So, as with the mouse, it was a long time before Colman put the understanding of the fly to the test. He probably provided the insect with treats as he did the mouse–perhaps a single drop of honey or crumb of cake. One day Colman was called to attend a visitor. He pointed the spot on the manuscript where he had stopped and asked the fly to stay there until he returned. The fly did as the saint requested, obediently remaining still for over an hour. Colman was delighted. Thereafter, he often gave the faithful fly a little task that it was proud to do for him. The other monks thought it was such a marvel that they wrote it done in the monastery records, which is how we know about it.
But a fly’s life is short. At the end of summer, Colman’s little friend was dead. While still mourning the death of the fly, the mouse died, too, as did the rooster. Colman’s heart was so heavy at the loss of his last pet that he wrote to his friend Saint Columba (f.d. June 9). Columba responded:
“You were too rich when you had them. That is why you are sad now. Great troubles only come where there are great riches. Be rich no more.”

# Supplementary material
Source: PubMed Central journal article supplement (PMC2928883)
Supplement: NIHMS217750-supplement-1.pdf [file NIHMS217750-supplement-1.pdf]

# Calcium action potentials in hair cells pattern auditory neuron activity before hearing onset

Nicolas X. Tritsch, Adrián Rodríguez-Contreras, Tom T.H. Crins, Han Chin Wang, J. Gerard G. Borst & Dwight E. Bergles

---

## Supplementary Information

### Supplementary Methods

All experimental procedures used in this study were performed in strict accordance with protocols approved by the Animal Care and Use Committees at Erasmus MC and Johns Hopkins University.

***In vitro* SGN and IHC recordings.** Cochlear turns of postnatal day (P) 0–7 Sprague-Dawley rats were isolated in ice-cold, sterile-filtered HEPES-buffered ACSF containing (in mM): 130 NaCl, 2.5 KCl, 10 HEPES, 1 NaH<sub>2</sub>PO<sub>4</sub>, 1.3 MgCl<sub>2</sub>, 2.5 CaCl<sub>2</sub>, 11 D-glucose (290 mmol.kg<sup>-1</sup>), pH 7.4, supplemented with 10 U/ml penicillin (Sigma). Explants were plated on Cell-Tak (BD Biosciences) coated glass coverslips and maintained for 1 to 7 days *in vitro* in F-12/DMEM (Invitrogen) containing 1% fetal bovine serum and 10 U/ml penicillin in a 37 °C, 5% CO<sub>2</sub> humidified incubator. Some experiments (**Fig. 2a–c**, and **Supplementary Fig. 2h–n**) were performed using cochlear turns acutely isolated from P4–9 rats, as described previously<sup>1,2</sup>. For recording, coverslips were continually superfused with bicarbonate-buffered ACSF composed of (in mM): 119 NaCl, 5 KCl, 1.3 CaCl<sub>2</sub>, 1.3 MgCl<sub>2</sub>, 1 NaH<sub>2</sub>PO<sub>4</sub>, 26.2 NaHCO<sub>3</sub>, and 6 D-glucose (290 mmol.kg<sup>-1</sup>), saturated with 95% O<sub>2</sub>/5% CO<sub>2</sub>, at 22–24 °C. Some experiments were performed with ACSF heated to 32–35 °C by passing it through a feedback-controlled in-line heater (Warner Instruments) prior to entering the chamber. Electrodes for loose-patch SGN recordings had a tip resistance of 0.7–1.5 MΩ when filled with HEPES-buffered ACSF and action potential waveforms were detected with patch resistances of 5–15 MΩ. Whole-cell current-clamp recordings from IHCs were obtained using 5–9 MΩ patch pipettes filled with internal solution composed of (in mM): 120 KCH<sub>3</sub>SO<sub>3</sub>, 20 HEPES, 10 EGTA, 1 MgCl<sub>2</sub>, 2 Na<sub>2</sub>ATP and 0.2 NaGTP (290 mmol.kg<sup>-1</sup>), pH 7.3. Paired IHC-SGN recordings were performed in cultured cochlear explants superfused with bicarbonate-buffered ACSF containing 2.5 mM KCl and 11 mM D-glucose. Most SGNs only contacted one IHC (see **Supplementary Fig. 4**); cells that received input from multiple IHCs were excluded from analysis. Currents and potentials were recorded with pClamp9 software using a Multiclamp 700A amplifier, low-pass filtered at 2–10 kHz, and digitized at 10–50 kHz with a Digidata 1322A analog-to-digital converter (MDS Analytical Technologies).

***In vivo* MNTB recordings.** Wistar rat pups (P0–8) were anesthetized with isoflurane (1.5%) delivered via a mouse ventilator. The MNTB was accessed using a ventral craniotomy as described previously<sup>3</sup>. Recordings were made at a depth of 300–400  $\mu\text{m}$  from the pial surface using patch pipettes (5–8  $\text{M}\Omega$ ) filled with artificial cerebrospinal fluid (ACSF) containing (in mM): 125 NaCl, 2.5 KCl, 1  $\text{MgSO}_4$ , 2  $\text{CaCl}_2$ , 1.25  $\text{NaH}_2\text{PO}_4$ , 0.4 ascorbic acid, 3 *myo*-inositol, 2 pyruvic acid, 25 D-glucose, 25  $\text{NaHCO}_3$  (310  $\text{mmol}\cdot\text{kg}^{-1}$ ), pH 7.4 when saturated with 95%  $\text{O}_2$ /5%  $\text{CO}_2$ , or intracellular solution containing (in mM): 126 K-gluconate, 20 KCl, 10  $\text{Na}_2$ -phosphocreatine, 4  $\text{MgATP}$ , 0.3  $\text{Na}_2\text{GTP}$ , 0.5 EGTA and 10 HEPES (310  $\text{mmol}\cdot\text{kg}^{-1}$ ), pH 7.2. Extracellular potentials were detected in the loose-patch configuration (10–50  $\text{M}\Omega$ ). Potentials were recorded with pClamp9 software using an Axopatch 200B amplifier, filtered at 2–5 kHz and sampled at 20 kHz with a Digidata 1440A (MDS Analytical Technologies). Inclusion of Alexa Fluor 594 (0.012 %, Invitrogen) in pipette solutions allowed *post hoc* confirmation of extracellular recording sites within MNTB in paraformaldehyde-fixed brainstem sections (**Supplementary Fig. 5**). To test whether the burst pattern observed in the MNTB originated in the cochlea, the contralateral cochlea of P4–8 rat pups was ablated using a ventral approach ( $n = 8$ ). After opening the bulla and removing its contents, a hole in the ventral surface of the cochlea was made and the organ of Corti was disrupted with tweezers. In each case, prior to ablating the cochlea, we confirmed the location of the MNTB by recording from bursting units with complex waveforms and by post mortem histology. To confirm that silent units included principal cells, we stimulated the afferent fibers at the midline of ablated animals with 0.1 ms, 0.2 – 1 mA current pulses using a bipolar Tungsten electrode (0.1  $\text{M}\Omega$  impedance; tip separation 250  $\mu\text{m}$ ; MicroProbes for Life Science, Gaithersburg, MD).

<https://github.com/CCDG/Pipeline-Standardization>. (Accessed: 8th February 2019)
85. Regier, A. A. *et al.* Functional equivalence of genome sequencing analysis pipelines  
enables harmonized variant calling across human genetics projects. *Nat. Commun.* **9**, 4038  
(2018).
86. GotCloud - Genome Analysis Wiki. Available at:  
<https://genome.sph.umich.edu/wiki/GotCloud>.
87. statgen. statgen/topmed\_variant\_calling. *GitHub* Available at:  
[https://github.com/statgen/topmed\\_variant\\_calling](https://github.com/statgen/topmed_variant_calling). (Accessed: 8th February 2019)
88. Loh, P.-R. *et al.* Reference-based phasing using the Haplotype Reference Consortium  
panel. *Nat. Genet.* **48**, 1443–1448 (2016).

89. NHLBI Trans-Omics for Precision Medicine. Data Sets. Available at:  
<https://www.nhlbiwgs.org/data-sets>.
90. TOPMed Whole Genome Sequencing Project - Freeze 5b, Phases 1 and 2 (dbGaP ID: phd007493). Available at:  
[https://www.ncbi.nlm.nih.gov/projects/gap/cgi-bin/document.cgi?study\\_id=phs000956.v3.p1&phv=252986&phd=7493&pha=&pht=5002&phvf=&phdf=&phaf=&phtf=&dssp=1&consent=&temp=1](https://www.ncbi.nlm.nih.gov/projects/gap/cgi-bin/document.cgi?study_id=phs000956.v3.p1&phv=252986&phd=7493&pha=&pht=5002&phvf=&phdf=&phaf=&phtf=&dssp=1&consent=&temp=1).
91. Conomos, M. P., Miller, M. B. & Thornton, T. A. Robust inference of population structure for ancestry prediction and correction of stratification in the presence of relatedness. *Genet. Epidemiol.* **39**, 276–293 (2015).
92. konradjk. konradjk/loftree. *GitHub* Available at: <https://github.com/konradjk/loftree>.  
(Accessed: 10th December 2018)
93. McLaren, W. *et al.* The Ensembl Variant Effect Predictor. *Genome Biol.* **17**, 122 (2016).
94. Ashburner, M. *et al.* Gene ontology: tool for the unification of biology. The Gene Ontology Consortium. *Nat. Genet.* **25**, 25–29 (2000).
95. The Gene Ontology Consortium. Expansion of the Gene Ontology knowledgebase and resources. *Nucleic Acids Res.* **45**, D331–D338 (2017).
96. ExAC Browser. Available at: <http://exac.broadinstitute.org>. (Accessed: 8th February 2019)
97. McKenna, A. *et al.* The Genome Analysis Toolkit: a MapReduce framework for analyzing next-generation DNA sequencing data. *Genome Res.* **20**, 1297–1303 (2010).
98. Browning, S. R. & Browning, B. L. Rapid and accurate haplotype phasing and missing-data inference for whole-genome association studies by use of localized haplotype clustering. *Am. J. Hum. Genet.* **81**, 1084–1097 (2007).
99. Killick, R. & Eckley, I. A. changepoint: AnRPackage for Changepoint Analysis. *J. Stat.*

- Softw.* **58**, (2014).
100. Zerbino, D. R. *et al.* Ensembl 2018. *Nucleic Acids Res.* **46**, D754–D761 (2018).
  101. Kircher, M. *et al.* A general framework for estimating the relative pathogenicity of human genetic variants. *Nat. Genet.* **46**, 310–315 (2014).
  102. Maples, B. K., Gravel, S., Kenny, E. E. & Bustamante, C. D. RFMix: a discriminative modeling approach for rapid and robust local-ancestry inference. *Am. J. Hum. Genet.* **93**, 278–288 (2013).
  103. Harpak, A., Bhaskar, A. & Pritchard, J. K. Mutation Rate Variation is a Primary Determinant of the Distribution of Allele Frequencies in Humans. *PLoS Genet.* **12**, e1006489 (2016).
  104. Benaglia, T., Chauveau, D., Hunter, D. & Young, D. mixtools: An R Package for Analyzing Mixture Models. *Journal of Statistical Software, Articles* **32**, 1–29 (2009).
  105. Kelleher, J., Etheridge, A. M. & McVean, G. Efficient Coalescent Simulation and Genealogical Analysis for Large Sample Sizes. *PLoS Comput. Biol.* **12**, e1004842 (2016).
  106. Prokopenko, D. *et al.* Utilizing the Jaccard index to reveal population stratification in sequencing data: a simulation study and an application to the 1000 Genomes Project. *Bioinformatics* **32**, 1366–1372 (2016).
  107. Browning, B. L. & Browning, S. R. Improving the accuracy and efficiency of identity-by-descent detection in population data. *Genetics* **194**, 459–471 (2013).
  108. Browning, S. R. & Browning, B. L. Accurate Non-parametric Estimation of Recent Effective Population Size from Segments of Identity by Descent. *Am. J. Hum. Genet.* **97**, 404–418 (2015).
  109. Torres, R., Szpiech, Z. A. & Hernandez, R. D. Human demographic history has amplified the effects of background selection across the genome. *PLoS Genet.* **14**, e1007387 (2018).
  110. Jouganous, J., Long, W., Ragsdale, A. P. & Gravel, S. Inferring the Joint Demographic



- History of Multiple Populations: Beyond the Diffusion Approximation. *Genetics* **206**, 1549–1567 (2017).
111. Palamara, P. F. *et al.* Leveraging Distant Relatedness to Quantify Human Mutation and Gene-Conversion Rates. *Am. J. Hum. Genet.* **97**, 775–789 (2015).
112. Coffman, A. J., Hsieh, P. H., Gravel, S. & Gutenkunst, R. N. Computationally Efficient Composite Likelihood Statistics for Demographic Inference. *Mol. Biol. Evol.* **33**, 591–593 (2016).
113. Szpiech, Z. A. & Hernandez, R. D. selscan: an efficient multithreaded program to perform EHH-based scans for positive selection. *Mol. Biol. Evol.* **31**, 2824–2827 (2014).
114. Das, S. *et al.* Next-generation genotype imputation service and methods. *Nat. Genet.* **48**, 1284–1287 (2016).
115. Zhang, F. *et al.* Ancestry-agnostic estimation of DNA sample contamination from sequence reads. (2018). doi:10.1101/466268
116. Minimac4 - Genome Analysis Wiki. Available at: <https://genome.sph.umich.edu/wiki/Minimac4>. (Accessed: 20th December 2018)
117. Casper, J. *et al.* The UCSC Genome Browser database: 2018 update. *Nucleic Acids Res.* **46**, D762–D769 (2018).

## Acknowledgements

Troparion of St Colman of Kilmacduagh tone 8
Rejecting the nobility of thy birth, O Father Colman,/thou didst seek
God in the solitude of desert places./ Thy virtue, like a beacon, drew
men unto thee/ and thou didst guide them into the way of salvation./
Guide us also by thy prayers, that our souls may be saved.
May God’s angels guard us
and save us till day’s end,
protected by God and Mary
and *Mac Duach and Mac Daire
and Colm Cille
till days’ end.
Aingil De dar gcoimhdeacht
‘s dar sabhail aris go fuin;
ar coimri De is Mhuire,
Mhic Duach is Mhic Daire
agus Colm Cille
aris go fuin.
*St. Colman MacDuagh
“An Duanaire 1600-1900: Poems of the Dispossessed”
Map of Monastic Ireland c. 650 AD
[Kilmacduagh is situated in northwest Munster]
Photographs of KilMacduagh Monastery:
Lives kindly supplied by:
For All the Saints:
Orthodox Ireland Saints
- Celtic and Old English Saints – 29 October . 2016. Celtic and Old English Saints – 29 October . [ONLINE] Available at: http://celticsaints.org/2016/1029a.html. [Accessed 29 October 2016].